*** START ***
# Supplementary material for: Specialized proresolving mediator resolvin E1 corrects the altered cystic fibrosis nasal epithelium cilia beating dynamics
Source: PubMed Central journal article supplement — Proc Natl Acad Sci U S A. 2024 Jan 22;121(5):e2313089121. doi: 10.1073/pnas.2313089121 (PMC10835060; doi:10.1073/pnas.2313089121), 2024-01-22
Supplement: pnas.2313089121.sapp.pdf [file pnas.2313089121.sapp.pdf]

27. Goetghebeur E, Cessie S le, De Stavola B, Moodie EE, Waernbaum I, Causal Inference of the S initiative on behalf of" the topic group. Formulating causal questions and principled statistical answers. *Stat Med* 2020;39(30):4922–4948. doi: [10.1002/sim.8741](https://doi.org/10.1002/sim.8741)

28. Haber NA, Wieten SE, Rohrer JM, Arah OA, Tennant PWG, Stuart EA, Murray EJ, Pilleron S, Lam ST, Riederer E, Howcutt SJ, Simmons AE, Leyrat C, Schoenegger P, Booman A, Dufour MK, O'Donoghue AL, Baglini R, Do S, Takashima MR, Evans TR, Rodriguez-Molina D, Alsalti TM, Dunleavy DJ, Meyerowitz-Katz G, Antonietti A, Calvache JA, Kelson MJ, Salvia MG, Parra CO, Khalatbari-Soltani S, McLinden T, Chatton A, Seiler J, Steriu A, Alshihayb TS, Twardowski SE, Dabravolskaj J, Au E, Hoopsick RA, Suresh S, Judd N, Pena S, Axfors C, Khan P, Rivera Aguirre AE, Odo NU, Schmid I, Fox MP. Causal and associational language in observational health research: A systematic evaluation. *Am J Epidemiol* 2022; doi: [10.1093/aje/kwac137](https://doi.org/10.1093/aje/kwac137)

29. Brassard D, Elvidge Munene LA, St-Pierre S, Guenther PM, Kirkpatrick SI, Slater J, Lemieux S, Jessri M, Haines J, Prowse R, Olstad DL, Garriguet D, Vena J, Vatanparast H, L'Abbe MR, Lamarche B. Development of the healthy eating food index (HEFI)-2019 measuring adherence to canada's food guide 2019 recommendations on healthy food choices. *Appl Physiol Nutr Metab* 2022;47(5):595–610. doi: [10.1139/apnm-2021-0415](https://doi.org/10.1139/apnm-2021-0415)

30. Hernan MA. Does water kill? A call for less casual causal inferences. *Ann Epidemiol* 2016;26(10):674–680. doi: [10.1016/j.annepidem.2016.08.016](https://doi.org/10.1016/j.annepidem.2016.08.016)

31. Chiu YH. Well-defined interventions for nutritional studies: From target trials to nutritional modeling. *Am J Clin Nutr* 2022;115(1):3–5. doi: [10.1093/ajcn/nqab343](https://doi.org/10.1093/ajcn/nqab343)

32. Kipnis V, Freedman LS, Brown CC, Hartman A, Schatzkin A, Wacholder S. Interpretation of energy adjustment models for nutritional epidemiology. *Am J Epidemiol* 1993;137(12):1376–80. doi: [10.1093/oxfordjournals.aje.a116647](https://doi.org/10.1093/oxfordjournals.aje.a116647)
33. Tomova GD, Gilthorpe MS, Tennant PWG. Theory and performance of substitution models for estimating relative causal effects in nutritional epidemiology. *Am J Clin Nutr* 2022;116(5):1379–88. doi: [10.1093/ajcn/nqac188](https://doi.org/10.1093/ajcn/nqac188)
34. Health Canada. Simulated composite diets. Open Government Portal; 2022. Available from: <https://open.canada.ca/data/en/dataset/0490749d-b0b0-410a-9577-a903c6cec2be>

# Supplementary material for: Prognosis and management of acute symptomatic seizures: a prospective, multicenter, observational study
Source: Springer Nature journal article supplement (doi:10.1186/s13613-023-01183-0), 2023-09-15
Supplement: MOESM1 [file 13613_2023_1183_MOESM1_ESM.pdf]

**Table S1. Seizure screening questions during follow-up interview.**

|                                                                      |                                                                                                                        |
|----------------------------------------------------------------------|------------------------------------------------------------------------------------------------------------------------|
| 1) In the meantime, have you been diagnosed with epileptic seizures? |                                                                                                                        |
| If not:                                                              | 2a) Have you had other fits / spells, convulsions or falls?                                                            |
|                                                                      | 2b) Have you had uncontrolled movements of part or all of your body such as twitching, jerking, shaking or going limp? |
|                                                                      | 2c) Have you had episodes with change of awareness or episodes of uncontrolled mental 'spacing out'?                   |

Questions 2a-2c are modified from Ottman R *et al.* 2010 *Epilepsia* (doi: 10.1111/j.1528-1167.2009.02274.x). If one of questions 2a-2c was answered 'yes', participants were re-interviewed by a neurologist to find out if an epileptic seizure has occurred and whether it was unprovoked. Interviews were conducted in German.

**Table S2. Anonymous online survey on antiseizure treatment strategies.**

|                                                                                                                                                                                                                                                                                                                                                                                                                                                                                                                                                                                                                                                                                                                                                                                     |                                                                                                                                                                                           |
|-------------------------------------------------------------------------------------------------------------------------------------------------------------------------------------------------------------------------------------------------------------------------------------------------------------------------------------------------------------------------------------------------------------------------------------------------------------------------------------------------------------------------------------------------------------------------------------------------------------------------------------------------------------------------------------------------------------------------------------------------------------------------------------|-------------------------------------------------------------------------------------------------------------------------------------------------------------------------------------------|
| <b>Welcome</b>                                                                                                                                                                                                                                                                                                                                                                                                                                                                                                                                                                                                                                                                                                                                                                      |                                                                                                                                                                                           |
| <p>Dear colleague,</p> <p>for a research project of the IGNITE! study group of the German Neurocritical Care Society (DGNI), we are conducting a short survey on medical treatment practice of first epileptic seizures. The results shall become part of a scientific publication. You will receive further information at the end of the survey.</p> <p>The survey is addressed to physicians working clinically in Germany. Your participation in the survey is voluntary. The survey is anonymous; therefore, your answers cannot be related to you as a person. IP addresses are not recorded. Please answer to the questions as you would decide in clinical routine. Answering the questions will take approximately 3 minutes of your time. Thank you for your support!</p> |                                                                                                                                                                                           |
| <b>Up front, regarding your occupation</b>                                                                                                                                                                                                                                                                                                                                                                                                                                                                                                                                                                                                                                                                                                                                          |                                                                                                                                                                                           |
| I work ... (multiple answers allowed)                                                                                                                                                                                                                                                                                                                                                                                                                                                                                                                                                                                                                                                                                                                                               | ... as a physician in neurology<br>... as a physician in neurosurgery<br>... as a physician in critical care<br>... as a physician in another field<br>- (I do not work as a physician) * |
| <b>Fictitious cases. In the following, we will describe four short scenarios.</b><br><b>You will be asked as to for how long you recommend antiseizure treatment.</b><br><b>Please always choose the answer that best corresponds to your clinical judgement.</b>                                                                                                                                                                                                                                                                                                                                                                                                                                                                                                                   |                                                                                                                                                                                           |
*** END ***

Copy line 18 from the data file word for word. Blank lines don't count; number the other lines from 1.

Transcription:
| 1) In the meantime, have you been diagnosed with epileptic seizures? |                                                                                                                        |